Looking at this product — just recently added to their web site – it comes on a stable base, and there are two angled guides, one is for 20-degrees bevel on the knife’s edge, and the other is 25-degrees. Between those two, it will cover many of your knives’ typical edge angles. The base is made out of polymer, and has rubber “feet” on it, so it won’t slip off the surface you place it on. Your choice of the tri-angle stones fit neatly into the base, and you can either lock them in place, with a sliding lock, or leave them loose – more on this shortly. It is very easy to change the angle you desire, only takes a few seconds – I like simple and easy, when it comes to just about everything. Plus, it only takes a few seconds to rotate the tri-stones to a different angle.

There is a lock that locks the tri-stone in place. If you are sharpening some knives, and following the angled guides, you might want to unlock the stones, and allow whichever stone you are using to “rock” as you move the knife along the stone, for an even better edge. It is easier to see than it is to explain, but I tried it, on several knives – fixed and folders – and it just seems to work some kind of “magic” by allowing the stone you are using to move a little bit towards you as you finish the edge.

Practical Use

To sharpern a knife, you will want to place the blade on the desired angle – 20 or 25 degrees, and starting with the bottom of the knife, draw it across the stone – keeping the angle you selected, and as you go across the stone, you will want to finish up with the tip of the blade at the end of your stroke. Once again, it sounds harder than it really is. Check out the Work Sharp website, and they have a demo on a similar stone, and you’ll see it’s easy to do. Sharpen only one side of the knife at a time…do 10-to-12 strokes on one side, then flip the blade and do the same number of strokes on the other side. Try to keep an even count on each side.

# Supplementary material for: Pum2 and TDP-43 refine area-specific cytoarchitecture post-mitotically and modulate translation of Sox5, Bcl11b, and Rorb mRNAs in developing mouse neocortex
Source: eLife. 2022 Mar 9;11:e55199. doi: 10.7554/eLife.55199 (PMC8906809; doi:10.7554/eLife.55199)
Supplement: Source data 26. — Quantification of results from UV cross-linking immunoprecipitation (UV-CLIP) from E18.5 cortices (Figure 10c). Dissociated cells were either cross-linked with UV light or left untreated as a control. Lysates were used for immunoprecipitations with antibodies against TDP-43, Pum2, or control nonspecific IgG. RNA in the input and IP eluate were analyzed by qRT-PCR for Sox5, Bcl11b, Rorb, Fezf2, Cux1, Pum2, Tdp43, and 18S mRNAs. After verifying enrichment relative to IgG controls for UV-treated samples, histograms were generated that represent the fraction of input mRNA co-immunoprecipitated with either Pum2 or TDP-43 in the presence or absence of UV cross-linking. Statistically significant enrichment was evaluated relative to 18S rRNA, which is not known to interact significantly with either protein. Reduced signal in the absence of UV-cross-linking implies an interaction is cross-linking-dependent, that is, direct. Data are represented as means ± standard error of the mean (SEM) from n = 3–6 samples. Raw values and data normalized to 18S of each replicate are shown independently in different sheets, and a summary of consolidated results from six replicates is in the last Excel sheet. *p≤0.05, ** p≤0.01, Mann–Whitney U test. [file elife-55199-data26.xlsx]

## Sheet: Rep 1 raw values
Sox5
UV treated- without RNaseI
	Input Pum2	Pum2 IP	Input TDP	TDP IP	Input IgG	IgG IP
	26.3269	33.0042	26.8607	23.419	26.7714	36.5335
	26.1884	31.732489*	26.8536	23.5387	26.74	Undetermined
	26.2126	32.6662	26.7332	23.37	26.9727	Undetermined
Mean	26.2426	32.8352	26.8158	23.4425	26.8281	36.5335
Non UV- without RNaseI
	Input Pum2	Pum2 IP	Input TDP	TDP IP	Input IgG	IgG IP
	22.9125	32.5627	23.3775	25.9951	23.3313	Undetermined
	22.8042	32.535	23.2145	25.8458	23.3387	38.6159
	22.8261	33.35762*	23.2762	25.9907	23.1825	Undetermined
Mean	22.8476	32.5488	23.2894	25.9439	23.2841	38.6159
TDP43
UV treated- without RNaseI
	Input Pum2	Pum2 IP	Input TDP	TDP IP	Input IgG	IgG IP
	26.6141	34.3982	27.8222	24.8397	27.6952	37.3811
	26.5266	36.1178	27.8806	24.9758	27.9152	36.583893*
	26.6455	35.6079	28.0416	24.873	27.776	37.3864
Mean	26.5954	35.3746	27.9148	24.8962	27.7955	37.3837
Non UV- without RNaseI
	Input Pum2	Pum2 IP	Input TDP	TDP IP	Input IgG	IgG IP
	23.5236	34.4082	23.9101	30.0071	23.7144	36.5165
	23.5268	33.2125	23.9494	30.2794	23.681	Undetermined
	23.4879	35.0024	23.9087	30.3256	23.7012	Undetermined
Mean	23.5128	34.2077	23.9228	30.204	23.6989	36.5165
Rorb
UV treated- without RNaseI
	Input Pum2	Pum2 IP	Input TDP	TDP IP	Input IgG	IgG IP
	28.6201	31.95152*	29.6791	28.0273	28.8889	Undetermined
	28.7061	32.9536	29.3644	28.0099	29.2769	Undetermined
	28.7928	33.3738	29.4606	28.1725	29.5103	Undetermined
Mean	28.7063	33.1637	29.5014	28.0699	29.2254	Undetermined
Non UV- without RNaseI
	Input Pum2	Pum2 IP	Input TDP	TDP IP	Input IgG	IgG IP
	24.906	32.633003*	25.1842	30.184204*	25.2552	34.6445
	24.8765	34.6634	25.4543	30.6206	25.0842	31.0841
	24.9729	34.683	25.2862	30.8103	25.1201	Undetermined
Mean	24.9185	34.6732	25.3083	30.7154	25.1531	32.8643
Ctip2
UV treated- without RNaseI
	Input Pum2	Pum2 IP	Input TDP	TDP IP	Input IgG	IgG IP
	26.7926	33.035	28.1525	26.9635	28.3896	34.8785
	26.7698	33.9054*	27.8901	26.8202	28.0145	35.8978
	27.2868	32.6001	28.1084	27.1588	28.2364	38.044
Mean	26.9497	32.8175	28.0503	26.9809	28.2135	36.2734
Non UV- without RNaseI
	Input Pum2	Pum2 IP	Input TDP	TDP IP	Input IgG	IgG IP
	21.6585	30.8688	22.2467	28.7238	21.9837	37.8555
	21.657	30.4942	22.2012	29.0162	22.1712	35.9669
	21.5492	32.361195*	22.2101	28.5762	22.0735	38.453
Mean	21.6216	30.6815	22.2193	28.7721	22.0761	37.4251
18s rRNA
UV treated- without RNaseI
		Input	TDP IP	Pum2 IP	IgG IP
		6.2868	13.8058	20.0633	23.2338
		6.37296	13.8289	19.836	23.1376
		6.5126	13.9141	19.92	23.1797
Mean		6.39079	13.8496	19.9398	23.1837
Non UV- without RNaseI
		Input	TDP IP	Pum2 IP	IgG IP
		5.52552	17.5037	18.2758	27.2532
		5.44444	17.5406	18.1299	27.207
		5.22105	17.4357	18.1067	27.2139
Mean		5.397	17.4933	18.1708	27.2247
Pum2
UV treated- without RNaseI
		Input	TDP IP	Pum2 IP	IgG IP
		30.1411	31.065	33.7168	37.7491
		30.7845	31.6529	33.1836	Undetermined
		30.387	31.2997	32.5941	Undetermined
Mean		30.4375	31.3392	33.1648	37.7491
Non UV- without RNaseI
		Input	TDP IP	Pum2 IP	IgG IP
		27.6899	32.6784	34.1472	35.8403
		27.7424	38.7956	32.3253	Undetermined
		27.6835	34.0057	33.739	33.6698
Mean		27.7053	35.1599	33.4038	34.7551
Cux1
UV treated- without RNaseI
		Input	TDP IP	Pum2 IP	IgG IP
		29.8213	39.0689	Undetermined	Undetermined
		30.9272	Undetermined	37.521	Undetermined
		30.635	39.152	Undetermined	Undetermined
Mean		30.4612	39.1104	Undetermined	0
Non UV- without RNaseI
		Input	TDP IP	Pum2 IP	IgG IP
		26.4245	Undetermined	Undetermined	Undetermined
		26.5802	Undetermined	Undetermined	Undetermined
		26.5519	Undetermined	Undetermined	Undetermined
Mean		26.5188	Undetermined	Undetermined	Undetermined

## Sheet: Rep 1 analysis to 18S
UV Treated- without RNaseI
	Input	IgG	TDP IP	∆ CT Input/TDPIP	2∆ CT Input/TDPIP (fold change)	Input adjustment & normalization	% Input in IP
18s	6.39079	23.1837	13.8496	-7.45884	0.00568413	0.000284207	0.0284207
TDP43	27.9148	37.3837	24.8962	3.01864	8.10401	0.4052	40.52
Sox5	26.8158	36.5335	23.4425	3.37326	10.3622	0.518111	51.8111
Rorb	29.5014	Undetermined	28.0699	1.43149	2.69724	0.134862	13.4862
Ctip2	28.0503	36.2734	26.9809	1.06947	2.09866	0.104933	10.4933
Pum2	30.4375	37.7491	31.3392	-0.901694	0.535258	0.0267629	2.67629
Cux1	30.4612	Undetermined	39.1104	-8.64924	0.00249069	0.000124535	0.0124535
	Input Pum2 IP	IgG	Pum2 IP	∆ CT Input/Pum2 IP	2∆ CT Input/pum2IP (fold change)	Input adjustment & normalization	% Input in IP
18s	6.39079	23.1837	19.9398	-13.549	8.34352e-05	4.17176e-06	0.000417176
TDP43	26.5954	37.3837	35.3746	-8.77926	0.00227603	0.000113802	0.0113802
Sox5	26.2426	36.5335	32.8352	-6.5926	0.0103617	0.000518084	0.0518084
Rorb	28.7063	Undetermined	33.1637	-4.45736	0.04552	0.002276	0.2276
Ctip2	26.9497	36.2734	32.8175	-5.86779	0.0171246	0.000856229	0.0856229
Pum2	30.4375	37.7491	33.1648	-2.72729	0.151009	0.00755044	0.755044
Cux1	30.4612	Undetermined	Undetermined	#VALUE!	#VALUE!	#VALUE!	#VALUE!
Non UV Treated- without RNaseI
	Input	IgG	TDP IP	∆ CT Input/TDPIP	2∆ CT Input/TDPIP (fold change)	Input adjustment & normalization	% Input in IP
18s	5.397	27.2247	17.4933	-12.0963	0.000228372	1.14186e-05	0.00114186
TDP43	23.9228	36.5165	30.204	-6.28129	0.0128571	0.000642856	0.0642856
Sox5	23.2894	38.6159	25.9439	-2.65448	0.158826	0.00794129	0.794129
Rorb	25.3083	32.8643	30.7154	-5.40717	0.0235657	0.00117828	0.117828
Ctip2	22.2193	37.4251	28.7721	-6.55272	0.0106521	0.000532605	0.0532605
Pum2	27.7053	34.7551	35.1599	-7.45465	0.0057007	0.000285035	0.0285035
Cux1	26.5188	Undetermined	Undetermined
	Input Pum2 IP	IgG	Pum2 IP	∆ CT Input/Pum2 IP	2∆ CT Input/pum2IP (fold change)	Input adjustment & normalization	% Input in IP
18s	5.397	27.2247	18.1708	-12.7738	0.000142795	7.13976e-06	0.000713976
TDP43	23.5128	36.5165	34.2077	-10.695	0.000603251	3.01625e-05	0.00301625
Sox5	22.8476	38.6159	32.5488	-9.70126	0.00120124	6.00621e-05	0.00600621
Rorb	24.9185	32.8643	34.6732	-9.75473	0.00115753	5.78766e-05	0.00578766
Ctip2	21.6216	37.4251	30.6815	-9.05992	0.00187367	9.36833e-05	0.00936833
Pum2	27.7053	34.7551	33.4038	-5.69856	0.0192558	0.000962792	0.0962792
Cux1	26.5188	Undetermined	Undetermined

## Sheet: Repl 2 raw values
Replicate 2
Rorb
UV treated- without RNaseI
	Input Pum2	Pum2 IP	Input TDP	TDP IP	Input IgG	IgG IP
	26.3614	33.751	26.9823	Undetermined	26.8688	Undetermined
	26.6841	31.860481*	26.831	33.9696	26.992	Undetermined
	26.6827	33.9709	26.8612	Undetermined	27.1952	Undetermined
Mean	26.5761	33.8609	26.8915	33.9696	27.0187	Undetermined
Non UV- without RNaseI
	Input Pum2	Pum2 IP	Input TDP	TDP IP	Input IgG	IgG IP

As the knife becomes sharp, you will want to switch to the next finer grit of stone, and do the same thing. You will start to see a “wire” edge on the blade – you can see it and feel it – careful here, that you don’t apply too much pressure and cut your finger open. Then, move to the ceramic stone, for that finishing touch, and apply very light pressure when using this stone, you are only removing the wire edge, and it will “buff” that edge, until it is actually factory shaving-sharp – to be sure, it will take some practice, but in short order, you will have it all mastered, and it will become second nature for you.

This particular model from Work Sharp, is actually small enough that you can pack it in your backpack, or keep it in the glove box of your truck or care, for use in the field. If you’re in the military, then be sure to not let your buddies see you using it. Because if you do, in very short order, your entire squad or platoon, will be lining up to have you sharper their knives. Or worse yet, the entire company will be putting you to work doing their knives – think I’m kidding? Not!

You can also use this bench stone set to sharpen other cutlery, like scissors or even hatchets or axes – they will take a bit longer, because they are harder to maneuver on these stone. Note that when it comes to hatchets and axes, you do not want a hair-shaving edge, if you do, it will fold over with hard use, so keep the sharpening to the 600-grit and the 320-grit stones. You only need a “working “edge on these axes and hatchets, not a shaving edge. I actually tried to put some kind of an edge on a couple machetes I have at my digs – and once again, you don’t want the shaving-sharp edge…while I did manage to get both of them re-sharpened, it took a lot of work to get there – those super long blades were hard to move on the stones. However, I did get some decent edges on those long blade – made it easy to chop down blackberry vines.

The suggested retail price on this new model from Work Sharp in $44.95 – and that is more than fair. And, one last topper: You can replace the “stones” if they get too worn out – that’s just excellent!

You will get as close to a factory shaving-sharp edge as possible with this set-up.